A deeper insight into phospholipid biosynthesis in Gram-positive bacteria
Gram-positive bacteria can cause serious and sometimes fatal inflammatory diseases including skin infections, pharyngitis, pneumonia, endocarditis, myocarditis, meningitis, rheumatic fever and septicemia. These bacteria synthesize phosphatidic acid, the central precursor of membrane phospholipids, using an unusual acyl-phosphate intermediate in a three-step pathway mediated by three phospholipid synthesis enzymes: PlsX, PlsY and PlsC.
PlsX is a peripheral membrane transacylase that catalyzes the conversion of acyl-acyl carrier protein to acyl-phosphate and helps coordinate fatty acid and phospholipid biosynthesis. PlsX binds and inserts directly to lipid bilayers, a process mediated by an amphipathic four alpha-helical bundle subdomain that protrudes from the main core of the enzyme.
In disentangling this binding and insertion of PlsX, our lab has found that PlsX membrane binding is mediated by phospholipid charge, whereas unsaturation of fatty acids and membrane fluidity influence membrane insertion. Superficial access to the membrane is not sufficient to ensure efficient delivery of the acyl-phosphate from PlsX to the acyltransferase partner PlsY, which depends on proper and stable insertion of PlsX in the membrane. Such substrate channeling can make this metabolic pathway more efficient and prevents the release of unstable intermediates, protecting them from decomposition and/or diffusion through the aqueous cytoplasm.
In a recent paper in the Journal of Biological Chemistry, we propose a model in which membrane fluidity governs the membrane insertion of PlsX, which is required for the proper acyl-phosphate delivery to PlsY.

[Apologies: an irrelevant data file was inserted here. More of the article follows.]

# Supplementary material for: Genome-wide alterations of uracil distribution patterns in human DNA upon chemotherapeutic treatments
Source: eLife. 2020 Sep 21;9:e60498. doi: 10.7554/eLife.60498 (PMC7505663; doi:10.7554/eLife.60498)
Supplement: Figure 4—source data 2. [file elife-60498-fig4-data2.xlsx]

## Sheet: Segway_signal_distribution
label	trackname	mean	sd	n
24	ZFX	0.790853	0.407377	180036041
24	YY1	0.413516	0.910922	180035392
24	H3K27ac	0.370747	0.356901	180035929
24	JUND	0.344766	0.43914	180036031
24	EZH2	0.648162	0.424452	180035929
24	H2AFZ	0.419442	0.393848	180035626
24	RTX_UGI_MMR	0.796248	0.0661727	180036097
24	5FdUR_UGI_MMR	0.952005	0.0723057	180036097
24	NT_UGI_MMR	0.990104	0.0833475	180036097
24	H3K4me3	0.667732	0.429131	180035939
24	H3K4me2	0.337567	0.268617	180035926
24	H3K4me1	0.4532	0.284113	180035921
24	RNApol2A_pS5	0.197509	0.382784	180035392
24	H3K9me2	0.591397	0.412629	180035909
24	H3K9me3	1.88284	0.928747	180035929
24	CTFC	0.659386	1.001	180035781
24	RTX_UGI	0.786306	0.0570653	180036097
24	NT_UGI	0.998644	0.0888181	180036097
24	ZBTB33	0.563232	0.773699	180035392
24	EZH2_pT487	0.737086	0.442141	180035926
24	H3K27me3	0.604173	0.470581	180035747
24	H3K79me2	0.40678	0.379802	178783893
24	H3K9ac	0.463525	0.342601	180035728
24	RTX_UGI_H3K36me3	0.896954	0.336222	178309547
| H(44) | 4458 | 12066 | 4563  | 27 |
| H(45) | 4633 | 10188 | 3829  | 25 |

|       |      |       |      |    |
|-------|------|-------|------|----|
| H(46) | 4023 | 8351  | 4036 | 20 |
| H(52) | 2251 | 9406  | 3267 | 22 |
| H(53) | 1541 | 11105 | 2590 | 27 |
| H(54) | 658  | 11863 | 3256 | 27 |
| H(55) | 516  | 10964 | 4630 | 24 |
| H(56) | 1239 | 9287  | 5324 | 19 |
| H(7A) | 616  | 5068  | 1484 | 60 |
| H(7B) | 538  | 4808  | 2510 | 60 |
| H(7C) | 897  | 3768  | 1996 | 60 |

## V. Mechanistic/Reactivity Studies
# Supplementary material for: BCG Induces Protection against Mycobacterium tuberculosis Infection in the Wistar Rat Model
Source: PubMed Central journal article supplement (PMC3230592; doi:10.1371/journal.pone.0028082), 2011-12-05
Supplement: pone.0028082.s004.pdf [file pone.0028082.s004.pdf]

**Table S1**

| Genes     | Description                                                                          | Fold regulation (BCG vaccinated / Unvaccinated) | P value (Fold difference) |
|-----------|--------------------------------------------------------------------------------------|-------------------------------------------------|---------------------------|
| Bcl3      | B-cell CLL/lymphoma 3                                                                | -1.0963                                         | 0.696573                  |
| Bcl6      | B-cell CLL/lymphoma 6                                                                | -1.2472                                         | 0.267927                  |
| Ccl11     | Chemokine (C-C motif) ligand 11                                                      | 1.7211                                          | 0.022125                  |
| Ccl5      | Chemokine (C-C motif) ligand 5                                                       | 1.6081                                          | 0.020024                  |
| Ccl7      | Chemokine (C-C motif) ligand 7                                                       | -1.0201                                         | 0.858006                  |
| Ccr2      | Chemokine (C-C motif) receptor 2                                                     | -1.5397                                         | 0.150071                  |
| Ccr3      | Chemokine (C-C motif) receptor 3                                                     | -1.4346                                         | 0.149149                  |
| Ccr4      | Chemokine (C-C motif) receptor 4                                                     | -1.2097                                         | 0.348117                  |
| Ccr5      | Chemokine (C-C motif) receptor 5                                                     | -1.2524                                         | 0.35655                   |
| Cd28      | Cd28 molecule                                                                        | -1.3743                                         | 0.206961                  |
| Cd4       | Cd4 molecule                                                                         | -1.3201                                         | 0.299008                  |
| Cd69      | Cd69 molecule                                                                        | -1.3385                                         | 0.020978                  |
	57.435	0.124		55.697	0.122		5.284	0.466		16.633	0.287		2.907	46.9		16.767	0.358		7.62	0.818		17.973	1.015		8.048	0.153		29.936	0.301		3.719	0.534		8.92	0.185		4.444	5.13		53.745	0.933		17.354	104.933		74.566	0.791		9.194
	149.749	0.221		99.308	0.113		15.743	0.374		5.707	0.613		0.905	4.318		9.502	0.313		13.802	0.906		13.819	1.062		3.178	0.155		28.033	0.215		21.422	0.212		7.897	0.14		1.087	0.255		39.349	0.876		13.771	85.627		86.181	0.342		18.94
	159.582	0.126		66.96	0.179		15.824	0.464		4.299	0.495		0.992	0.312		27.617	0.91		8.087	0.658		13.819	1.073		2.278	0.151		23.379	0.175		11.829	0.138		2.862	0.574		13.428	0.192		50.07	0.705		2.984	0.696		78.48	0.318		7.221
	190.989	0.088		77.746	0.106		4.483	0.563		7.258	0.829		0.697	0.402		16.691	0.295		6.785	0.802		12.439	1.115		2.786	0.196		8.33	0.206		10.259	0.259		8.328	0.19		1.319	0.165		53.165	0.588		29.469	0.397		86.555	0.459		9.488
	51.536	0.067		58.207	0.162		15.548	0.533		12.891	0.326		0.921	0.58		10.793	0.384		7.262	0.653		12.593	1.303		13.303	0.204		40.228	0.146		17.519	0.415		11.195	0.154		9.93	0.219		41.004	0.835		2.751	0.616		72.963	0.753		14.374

Our model breaks a paradigm in membrane biology, because the membrane fluidity and unsaturated fatty acids, or UFAs, do not seem to be holding hands. At higher membrane fluidity, PlsX inserts deeper into the membrane, but increased UFA content reduces PlsX binding and insertion.
How can PlsX sense the UFAs, and why do UFAs repel PlsX binding and insertion? We suspect the repulsion effect might be part of a mechanism to downregulate the total phospholipid synthesis observed at low growth temperature.
In membrane insertion, peripheral proteins can cluster as transient oligomers when interacting with lipid bilayers. This crowding would be intensified with increased protein radius and depth of penetration into the hydrophobic region of the membrane. PlsX mostly is distributed homogenously at the bacterial cell membrane, but PlsX foci also are transiently and randomly observed, which could represent physiological oligomeric states related to the regulation of PlsX activity.
We propose that PlsX inserts deeper into more fluid membranes (containing little or no unsaturated fatty acid content), causing oligomers, including other partners, in the form of foci at the membrane. Thus, modulating membrane insertion could regulate the substrate channeling as well as the protein crowding, regulating the phospholipid biosynthesis.
These results highlight the relevance of spatial organization for metabolic pathway functioning and tell us more about how membrane composition and protein mobility can modulate this biosynthesis route. PlsX and PlsY are present in pathogenic bacteria and absent in eukaryotes, so the results offer exciting possibilities for inhibitor design to fight antibiotic-resistant bacteria.
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To celebrate our three journals going open access, we invited readers to share their moments of discovery in science. Here are two honorable mentions.
Although untrained in science, Antonie van Leeuwenhoek became the greatest lens-maker of his day, discovered microscopic life forms and is known today as the “father of microbiology.”